- Associated Press
Wednesday, January 13, 2021

O’FALLON, Mo. — Republican Missouri Sen. Josh Hawley, facing waning support from longtime backers and donors in the wake of the attack at the U.S. Capitol last week, defended himself in a newspaper column Wednesday, accusing the media and “Washington establishment” of deceiving Americans into calling him an “insurrectionist.”

Hawley’s column appeared in the Southeast Missourian, a daily newspaper in Cape Girardeau, Missouri. It marked the first time Hawley, 41, has publicly defended himself since the brutal attack on Jan. 6 when a mob of President Donald Trump’s supporters stormed the U.S. Capitol following the president’s rally.


Five people died, including a Capitol police officer, and lawmakers had to scramble for safety and hide as rioters rampaged through the building, delaying by hours the tally of Electoral College votes that was the last step in finalizing Democrat Joe Biden’s victory over Trump.

Hawley was the first senator to announce a challenge to the Electoral College results, and his challenge went on even after the attack. Concerns were also raised after a photo emerged of Hawley greeting protesters outside the Capitol with a raised fist, though that was taken before the mob stormed the building.

Hawley, in the column, noted that Democrats objected after losing the 2000, 2004 and 2016 presidential elections and were “praised for standing up to democracy.”

“This time around, anyone who objected has been called an ‘insurrectionist,’” he wrote. “Sadly, much of the media and many members of the Washington establishment want to deceive Americans into thinking those who raised concerns incited violence, simply by voicing the concern. That’s false. And the allegation itself is corrosive and dangerous.”

Other than Trump himself, no politician has suffered the fallout as has Hawley. Multiple donors have pulled financial support. Meanwhile, the Trump-opposing Lincoln Project said it would take out full-page newspaper ads calling out his remaining donors.

Email messages seeking comment from Hawley’s office Wednesday have not been returned.

The health care IT firm Cerner Corp. based in Kansas City, Missouri, said Wednesday that it will suspend contributions “to any candidate or official who took part in or incited violence last week in Washington, D.C.” Spokeswoman Misti Preston said the company isn’t “naming specific names,” but Cerner’s political action committee has donated $10,000 to a Hawley-sponsored PAC over the past two years.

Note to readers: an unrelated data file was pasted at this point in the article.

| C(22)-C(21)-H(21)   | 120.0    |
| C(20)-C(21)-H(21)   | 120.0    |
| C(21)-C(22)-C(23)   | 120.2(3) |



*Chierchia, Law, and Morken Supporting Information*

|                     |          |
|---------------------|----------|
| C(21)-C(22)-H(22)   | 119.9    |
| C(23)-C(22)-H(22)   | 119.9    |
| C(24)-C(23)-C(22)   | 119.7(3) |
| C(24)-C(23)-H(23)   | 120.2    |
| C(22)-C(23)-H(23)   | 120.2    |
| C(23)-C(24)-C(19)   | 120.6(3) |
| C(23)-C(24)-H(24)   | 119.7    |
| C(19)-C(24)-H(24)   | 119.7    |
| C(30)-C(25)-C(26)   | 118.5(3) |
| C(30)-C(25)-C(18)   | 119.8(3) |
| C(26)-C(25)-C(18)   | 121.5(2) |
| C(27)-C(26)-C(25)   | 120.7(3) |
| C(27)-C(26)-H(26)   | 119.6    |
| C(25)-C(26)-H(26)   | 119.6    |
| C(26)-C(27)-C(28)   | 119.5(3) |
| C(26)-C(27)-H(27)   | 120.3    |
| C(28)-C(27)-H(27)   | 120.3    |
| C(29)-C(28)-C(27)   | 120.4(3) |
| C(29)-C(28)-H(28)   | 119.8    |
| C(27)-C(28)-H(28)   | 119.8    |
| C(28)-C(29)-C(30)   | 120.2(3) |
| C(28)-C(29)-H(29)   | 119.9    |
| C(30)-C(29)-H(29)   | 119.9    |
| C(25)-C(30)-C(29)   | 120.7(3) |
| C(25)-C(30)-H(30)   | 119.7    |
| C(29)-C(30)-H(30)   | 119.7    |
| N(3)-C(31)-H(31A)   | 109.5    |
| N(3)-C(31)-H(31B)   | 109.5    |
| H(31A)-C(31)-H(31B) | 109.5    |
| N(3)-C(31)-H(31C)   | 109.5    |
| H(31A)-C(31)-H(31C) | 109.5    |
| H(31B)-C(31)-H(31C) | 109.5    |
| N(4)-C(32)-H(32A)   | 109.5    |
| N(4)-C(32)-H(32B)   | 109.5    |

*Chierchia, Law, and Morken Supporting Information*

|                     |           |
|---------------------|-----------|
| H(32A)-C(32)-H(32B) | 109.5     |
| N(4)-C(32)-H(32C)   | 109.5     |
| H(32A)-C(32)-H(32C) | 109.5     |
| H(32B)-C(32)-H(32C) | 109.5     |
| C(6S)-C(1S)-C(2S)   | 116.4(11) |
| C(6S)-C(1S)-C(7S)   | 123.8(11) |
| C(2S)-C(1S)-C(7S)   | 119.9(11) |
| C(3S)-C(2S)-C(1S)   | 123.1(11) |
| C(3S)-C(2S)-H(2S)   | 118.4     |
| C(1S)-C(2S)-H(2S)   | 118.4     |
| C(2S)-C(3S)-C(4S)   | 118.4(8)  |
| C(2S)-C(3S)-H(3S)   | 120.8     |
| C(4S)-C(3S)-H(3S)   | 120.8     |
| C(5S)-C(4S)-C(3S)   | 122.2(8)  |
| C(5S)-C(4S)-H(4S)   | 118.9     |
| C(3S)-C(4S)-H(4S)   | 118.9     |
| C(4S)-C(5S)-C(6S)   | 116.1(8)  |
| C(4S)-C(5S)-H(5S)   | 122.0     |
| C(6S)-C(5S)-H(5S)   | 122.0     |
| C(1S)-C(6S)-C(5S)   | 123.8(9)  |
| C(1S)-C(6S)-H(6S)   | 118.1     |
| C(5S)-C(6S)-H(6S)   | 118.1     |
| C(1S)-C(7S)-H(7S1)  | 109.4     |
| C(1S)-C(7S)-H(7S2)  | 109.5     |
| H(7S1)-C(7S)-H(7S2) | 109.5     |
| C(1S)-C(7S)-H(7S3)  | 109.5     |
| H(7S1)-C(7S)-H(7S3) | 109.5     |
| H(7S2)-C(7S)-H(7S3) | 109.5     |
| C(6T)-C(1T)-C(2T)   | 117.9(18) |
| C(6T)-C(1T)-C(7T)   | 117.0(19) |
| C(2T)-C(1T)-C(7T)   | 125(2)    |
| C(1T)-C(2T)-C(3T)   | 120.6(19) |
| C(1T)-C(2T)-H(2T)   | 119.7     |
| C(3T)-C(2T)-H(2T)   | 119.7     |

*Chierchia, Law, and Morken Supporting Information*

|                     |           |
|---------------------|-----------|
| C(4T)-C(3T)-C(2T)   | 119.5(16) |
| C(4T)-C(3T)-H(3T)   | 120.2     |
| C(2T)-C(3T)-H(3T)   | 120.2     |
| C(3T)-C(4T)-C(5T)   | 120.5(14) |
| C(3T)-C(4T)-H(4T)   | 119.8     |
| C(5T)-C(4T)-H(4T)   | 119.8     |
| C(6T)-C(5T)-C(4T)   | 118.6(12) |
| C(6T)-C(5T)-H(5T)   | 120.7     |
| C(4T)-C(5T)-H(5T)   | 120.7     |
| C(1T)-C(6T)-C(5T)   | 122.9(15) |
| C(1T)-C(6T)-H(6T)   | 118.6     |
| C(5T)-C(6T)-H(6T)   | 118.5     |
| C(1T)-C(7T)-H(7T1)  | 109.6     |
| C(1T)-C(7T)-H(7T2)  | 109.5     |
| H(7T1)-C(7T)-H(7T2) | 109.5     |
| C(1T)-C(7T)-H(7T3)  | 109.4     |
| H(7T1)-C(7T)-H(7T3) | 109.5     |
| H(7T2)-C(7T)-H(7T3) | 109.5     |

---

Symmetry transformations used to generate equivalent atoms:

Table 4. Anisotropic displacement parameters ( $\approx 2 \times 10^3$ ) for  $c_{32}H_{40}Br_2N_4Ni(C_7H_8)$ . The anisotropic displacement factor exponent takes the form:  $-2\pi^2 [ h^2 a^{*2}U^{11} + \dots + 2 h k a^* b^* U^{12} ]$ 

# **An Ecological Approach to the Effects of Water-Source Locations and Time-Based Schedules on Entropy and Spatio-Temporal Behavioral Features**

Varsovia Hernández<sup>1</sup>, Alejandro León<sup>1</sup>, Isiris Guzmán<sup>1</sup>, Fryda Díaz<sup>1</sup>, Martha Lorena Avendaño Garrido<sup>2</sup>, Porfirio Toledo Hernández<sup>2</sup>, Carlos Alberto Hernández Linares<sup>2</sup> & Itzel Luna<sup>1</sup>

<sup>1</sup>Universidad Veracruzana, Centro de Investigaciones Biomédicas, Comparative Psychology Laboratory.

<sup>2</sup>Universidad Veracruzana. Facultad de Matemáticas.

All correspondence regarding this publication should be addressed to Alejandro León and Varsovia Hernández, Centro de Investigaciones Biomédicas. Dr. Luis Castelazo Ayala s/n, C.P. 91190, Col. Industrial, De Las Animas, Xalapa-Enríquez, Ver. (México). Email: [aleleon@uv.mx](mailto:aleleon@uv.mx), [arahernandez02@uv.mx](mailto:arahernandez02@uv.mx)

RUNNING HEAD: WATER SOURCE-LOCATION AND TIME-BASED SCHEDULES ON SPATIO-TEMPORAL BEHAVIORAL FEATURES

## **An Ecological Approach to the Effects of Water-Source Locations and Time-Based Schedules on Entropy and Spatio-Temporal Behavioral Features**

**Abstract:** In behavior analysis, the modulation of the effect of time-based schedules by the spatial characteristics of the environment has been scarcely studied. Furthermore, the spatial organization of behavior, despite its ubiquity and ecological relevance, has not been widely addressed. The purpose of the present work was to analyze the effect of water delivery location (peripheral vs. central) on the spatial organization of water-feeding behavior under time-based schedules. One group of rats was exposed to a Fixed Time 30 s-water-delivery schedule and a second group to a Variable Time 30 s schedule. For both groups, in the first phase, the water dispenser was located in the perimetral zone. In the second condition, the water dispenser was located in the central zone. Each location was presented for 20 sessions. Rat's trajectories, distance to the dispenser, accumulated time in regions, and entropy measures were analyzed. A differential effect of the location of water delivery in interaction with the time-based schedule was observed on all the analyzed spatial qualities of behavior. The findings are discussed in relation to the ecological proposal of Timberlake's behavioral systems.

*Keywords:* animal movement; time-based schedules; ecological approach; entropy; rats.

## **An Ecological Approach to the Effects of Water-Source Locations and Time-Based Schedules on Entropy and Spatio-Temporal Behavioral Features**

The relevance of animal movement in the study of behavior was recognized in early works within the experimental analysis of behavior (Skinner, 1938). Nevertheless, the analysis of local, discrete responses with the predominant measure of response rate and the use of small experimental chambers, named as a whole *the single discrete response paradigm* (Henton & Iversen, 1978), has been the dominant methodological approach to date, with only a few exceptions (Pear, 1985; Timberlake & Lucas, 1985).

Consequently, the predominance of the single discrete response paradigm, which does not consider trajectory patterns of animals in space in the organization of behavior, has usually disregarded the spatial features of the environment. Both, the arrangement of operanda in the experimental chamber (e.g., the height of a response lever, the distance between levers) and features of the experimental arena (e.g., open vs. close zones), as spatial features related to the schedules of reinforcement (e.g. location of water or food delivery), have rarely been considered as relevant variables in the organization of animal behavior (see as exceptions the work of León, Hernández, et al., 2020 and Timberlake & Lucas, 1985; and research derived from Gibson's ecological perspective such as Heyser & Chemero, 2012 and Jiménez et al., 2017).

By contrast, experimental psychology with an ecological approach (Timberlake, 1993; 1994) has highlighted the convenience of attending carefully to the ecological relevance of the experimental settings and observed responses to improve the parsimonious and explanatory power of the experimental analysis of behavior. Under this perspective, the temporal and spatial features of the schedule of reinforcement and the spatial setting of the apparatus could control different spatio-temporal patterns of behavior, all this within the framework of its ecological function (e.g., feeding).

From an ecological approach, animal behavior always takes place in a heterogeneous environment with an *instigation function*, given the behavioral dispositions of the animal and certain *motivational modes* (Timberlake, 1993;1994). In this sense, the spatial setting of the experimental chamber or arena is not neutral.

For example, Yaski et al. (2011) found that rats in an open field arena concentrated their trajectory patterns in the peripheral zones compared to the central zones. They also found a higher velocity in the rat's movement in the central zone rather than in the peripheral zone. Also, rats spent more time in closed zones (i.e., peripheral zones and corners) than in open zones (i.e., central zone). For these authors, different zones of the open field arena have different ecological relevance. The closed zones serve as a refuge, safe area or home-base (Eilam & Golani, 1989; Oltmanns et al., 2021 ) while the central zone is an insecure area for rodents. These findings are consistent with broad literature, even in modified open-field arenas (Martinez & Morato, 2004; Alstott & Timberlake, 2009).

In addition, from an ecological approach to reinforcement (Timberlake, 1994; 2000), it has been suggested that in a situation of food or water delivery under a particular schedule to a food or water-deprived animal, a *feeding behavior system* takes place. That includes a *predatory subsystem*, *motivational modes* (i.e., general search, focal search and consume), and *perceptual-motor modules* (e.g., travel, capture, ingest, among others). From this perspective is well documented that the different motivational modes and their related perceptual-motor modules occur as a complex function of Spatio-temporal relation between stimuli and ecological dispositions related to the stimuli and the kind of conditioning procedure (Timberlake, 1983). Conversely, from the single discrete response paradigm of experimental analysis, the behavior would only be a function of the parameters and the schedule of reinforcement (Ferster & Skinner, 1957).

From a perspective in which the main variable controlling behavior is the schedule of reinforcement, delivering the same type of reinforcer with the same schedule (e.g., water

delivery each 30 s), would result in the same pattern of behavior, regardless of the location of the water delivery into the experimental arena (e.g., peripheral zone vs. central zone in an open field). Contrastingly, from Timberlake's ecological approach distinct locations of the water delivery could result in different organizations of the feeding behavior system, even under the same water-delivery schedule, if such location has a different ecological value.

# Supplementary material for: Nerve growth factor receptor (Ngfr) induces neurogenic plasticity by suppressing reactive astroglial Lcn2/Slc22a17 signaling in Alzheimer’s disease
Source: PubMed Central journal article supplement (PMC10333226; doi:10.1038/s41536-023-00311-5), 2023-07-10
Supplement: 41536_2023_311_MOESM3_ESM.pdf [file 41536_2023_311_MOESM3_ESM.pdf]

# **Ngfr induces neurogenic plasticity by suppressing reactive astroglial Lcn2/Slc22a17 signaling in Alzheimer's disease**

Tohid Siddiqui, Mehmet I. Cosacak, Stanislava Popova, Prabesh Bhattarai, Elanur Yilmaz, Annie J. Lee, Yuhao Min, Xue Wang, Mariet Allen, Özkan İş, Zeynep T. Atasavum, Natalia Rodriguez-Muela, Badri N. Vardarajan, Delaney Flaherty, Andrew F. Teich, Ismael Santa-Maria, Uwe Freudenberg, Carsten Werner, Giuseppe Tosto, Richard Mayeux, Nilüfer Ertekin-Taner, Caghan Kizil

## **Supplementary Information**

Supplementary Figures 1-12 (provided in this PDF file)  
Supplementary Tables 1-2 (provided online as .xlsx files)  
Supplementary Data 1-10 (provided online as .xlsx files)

Late Tuesday, two St. Louis-based companies - the utility Ameren Corp. and the financial firm Edward Jones - said they were suspending campaign contributions. The Chicago-based law firm Bryan Cave Leighton Paisner also announced a halt, at least temporarily, to political contributions. The firm is based in Chicago but is among the largest in St. Louis.

Ameren, Edward Jones and the law firm have contributed to Hawley.

Walmart said Tuesday that its PAC “is indefinitely suspending contributions to those members of Congress who voted against the lawful certification of state electoral college votes.” Walmart gave nearly $1.2 million to federal candidates in the 2017-18 election cycle but none to Hawley, according the opensecrets.org website operated by the Center for Responsive Politics.

Hallmark Cards, based in Kansas City, earlier this week asked Hawley and Republican Sen. Roger Marshall of Kansas to return employee campaign donations. The company said its employees donated $7,000 to Hawley and $5,000 to Marshall during the last two years through its PAC.

Hawley, in his 739-word essay, said those involved in the Capitol attack must be punished, saying, “Mob violence is always wrong.”

“But democratic debate is not mob violence,” Hawley wrote. “It is in fact how we avoid that violence.”

Hawley wrote that he has heard from many Missourians concerned about election integrity.

“They have a right to be heard in Congress,” he said. “And as their representative, it is my duty to speak on their behalf. That is just what I did last week.”

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This story has been corrected to show the Cerner comments came Wednesday, not Tuesday, and Ameren and Edward Jones commented late Tuesday, not late Monday.


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